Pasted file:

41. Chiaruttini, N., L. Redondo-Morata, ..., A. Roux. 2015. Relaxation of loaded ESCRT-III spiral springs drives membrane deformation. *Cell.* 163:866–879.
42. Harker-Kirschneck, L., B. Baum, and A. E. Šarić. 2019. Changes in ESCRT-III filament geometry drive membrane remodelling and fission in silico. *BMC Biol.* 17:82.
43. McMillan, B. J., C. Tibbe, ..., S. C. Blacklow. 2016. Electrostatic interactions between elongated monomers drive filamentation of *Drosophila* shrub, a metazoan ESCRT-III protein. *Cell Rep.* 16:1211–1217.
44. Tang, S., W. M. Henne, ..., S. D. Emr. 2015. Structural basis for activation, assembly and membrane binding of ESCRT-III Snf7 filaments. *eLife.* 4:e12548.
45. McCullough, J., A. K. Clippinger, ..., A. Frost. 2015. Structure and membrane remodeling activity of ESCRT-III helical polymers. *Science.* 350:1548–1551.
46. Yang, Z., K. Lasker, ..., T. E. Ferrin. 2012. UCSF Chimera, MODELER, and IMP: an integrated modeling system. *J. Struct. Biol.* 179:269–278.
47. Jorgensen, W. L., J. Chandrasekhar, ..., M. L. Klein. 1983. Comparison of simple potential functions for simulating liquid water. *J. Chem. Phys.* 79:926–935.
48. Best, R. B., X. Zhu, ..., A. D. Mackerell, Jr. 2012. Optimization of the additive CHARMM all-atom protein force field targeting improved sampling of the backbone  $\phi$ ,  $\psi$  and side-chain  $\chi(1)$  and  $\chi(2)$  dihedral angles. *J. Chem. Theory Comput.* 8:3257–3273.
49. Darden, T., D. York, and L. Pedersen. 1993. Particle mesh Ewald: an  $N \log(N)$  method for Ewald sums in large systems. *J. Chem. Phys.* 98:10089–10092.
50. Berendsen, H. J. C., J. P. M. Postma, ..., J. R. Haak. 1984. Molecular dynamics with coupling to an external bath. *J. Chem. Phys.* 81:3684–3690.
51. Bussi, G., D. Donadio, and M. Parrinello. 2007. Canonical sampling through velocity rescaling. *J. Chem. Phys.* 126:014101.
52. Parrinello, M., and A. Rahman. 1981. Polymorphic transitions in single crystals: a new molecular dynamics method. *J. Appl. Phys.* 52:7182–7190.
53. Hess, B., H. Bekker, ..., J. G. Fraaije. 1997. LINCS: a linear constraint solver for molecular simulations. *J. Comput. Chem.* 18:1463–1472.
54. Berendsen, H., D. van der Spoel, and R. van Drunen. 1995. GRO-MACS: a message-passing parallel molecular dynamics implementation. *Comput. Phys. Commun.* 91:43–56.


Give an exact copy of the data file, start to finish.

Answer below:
41. Chiaruttini, N., L. Redondo-Morata, ..., A. Roux. 2015. Relaxation of loaded ESCRT-III spiral springs drives membrane deformation. *Cell.* 163:866–879.
42. Harker-Kirschneck, L., B. Baum, and A. E. Šarić. 2019. Changes in ESCRT-III filament geometry drive membrane remodelling and fission in silico. *BMC Biol.* 17:82.
43. McMillan, B. J., C. Tibbe, ..., S. C. Blacklow. 2016. Electrostatic interactions between elongated monomers drive filamentation of *Drosophila* shrub, a metazoan ESCRT-III protein. *Cell Rep.* 16:1211–1217.
44. Tang, S., W. M. Henne, ..., S. D. Emr. 2015. Structural basis for activation, assembly and membrane binding of ESCRT-III Snf7 filaments. *eLife.* 4:e12548.
45. McCullough, J., A. K. Clippinger, ..., A. Frost. 2015. Structure and membrane remodeling activity of ESCRT-III helical polymers. *Science.* 350:1548–1551.
46. Yang, Z., K. Lasker, ..., T. E. Ferrin. 2012. UCSF Chimera, MODELER, and IMP: an integrated modeling system. *J. Struct. Biol.* 179:269–278.
47. Jorgensen, W. L., J. Chandrasekhar, ..., M. L. Klein. 1983. Comparison of simple potential functions for simulating liquid water. *J. Chem. Phys.* 79:926–935.
48. Best, R. B., X. Zhu, ..., A. D. Mackerell, Jr. 2012. Optimization of the additive CHARMM all-atom protein force field targeting improved sampling of the backbone  $\phi$ ,  $\psi$  and side-chain  $\chi(1)$  and  $\chi(2)$  dihedral angles. *J. Chem. Theory Comput.* 8:3257–3273.
49. Darden, T., D. York, and L. Pedersen. 1993. Particle mesh Ewald: an  $N \log(N)$  method for Ewald sums in large systems. *J. Chem. Phys.* 98:10089–10092.
50. Berendsen, H. J. C., J. P. M. Postma, ..., J. R. Haak. 1984. Molecular dynamics with coupling to an external bath. *J. Chem. Phys.* 81:3684–3690.
51. Bussi, G., D. Donadio, and M. Parrinello. 2007. Canonical sampling through velocity rescaling. *J. Chem. Phys.* 126:014101.
52. Parrinello, M., and A. Rahman. 1981. Polymorphic transitions in single crystals: a new molecular dynamics method. *J. Appl. Phys.* 52:7182–7190.
53. Hess, B., H. Bekker, ..., J. G. Fraaije. 1997. LINCS: a linear constraint solver for molecular simulations. *J. Comput. Chem.* 18:1463–1472.
54. Berendsen, H., D. van der Spoel, and R. van Drunen. 1995. GRO-MACS: a message-passing parallel molecular dynamics implementation. *Comput. Phys. Commun.* 91:43–56.